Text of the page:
The Mountain Times

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Winemaking requires patience and vision

Making wine is a little like predicting the future. It takes years for the vines to mature and bear fruit after planting. And once the wine is made and the vintage completed, that's it! Whatever the harvest, however many bottles, whatever happens, there is no making more, and there is no re-doing it. If demand exceeds production, little can be done to satisfy those looking for more. If production exceeds demand, the winery has trouble selling its wine, looses necessary revenue, and may have to lower prices starting a downward spiral that may ultimately dooms it's reputation.

For the winemaker once the juice is in the barrel, the quantity is concluded, the quality is predetermined by choice of grape and weather conditions throughout the year. It's more like steering a cruise ship. It takes time to change direction.

The wine business is a slow moving process. It takes years for the vines to mature and generate the grapes expressing the character of the location and soil (what the French call 'terroir'). It takes another year or two to actually make the wine from harvesting to crushing, fermentation, ageing in oak barrels, bottling and ageing again before releasing the wine to the marketplace.

Vermont's winemakers feeling the pinch of their own success right now, as yields are relatively slow and demand has overtaken production. Many turn to buying grapes from out of state, and are scolded for not making wine exclusively from Vermont-grown grapes. There is talk about legislation to define the difference between Vermont-made wine and Vermont-grown grapes.

The winery had to predict all this years ago when planning the vineyard, purchasing the equipment, and making those immense investments to get the winery off the ground.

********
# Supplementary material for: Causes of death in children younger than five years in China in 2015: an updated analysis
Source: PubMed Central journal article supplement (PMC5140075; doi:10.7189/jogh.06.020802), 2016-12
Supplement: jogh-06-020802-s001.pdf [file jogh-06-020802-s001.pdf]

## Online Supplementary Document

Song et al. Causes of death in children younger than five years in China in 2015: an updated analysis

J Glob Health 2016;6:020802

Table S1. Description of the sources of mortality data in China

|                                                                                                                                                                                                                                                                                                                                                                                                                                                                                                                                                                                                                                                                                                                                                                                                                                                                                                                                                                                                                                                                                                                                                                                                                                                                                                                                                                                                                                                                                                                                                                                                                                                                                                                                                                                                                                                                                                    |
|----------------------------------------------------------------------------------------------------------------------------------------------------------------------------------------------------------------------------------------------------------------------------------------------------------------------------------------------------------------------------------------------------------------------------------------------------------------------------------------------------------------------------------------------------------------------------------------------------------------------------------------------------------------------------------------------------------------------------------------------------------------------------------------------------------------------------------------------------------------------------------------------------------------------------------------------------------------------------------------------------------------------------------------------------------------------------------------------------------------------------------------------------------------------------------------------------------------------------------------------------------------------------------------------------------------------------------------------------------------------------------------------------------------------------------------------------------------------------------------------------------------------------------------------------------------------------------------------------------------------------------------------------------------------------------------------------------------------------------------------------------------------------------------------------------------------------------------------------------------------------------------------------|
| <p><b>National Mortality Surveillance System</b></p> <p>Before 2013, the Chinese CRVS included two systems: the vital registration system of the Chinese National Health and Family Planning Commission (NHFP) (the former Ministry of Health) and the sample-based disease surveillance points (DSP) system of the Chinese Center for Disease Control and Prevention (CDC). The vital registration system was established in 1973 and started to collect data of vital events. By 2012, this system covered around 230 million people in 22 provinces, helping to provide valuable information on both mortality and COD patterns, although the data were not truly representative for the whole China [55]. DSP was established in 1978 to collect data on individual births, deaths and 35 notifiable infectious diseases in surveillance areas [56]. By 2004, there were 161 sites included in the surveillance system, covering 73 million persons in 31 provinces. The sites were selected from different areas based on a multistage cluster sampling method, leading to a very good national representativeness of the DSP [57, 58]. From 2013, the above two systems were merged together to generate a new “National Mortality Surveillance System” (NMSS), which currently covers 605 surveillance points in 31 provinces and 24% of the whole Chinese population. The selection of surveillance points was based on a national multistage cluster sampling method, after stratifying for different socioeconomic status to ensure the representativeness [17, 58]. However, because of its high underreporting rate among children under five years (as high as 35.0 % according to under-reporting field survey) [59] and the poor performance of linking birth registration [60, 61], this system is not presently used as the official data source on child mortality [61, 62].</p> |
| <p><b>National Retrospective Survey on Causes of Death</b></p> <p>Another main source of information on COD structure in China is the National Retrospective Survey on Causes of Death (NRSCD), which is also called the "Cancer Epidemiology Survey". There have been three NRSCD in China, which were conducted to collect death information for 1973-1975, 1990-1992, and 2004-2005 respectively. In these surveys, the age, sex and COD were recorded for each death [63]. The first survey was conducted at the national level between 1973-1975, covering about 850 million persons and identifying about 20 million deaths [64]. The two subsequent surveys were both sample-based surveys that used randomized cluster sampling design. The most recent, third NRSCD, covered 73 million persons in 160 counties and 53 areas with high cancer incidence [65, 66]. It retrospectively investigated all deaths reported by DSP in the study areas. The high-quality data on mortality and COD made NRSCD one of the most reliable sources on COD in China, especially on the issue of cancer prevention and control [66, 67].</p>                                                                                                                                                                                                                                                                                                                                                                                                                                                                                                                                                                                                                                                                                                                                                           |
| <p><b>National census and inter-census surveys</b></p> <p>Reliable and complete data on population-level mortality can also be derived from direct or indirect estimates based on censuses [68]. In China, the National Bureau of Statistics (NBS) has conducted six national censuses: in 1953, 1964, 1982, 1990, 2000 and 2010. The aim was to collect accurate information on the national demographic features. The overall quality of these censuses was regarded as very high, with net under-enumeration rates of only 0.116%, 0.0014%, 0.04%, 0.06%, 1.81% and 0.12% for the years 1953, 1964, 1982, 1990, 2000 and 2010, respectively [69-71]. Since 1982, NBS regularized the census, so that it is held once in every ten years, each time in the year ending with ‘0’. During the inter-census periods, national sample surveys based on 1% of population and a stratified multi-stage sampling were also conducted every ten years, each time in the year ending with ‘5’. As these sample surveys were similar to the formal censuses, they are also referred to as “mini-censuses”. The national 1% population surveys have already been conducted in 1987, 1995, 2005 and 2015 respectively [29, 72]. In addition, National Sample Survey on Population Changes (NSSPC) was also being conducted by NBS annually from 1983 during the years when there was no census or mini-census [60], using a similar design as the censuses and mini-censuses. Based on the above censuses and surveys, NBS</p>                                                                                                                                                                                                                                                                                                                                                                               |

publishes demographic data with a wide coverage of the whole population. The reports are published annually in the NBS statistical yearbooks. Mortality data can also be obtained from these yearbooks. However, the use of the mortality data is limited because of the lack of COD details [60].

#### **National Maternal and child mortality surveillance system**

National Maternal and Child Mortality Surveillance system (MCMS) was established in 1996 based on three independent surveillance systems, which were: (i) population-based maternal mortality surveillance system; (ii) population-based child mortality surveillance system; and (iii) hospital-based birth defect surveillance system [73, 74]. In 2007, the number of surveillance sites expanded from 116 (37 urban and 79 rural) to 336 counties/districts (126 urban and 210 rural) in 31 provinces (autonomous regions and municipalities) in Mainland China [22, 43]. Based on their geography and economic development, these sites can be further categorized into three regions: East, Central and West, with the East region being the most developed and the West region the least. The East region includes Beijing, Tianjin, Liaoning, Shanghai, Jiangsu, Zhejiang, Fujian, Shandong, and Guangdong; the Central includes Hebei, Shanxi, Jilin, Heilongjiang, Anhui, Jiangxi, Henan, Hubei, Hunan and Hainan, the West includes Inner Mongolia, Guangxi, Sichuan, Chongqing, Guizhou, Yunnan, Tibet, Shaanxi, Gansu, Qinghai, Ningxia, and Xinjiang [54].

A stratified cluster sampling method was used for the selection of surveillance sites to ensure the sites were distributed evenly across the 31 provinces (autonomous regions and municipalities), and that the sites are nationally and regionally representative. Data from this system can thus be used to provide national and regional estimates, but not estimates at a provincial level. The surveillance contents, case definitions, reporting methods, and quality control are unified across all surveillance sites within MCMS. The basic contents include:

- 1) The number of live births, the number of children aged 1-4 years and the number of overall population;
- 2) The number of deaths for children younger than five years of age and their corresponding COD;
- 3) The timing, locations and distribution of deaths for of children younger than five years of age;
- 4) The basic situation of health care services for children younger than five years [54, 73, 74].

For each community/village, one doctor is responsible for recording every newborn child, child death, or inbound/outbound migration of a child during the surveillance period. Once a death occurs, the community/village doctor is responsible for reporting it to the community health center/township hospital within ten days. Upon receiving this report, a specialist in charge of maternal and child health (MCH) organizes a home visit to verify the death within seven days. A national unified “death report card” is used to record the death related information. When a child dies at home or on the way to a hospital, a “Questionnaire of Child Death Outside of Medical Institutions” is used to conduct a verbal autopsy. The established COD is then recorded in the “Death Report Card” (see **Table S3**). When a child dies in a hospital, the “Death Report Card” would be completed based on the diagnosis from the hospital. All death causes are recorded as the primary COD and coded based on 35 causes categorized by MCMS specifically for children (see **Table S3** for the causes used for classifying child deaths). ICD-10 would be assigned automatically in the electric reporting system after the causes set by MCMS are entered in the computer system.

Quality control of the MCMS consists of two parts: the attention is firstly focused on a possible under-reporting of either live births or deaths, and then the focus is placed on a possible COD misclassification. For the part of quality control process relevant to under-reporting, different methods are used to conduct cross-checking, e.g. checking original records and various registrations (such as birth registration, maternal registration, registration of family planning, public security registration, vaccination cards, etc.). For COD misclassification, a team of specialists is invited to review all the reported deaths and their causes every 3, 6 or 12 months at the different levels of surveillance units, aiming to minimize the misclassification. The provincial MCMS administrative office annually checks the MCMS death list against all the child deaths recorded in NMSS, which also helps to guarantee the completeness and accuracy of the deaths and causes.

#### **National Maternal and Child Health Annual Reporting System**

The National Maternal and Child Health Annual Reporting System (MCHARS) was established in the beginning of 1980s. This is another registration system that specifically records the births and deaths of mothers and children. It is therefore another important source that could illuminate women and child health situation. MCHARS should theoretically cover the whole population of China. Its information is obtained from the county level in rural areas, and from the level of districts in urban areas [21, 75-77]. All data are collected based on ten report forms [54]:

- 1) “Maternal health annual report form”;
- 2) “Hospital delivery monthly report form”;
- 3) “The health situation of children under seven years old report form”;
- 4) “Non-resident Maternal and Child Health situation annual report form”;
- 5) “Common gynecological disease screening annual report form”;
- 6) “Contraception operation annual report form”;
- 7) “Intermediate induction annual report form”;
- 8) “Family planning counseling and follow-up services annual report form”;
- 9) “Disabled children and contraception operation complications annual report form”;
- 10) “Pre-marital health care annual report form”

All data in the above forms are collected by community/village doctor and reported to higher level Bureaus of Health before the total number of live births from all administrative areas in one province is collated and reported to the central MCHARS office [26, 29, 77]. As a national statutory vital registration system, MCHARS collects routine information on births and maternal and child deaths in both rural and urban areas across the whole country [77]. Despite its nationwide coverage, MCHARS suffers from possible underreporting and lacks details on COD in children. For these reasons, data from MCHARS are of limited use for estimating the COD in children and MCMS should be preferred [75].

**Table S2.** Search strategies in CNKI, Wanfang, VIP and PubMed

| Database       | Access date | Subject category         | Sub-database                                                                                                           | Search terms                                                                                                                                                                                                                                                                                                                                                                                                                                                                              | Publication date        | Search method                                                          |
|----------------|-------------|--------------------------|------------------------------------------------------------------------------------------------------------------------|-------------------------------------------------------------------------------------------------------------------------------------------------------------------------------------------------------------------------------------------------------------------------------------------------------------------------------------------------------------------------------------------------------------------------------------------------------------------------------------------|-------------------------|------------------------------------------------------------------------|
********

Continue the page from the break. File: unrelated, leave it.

Just to start a little vineyard, you'll need about $7,500 to plant an acre with grapevines. Then you'll need to sit back and wait some five years, tending the young plants and hoping Mother Nature plays no tricks.

If all goes well, you might see enough fruit to make about 3,000 bottles of wines from that acre. Figuring in all the cost of producing wine, maybe you'll see a couple of bucks profit, but it takes years to get there.

If you pay attention to the vintage of the wine you purchase, you will notice that most red wines will be a few years old, the vintages for now commonly range from 2008 to 2010. If you take Pinot Noir for example, most that is available now was made in 2008 or 2009, which is actually a little too young for most, but since the wine world got turned sideways and Pinot Noir became all the rage, there is too much demand to wait. Older vintages are hard to find these days. Pinot Noir is actually a very low yielding, finicky' grape that only grows in special places and is, thus, rather limited to begin with. It takes a lot of effort these days to find a matured, good quality Pinot Noir. And by the time the grape growers can catch up, the demand might have changed direction again.

If you're looking for a nicely aged wine, look for a Merlot these days. Since the grape fell out of favor after being all the rage for years, sales have plummeted, and the wine has been ageing nicely on the shelves of wine stores and wineries alike. For some good deals buck the trend and try a Merlot!

Tagged: Wine Experiments, Gerd Hirschmann, wine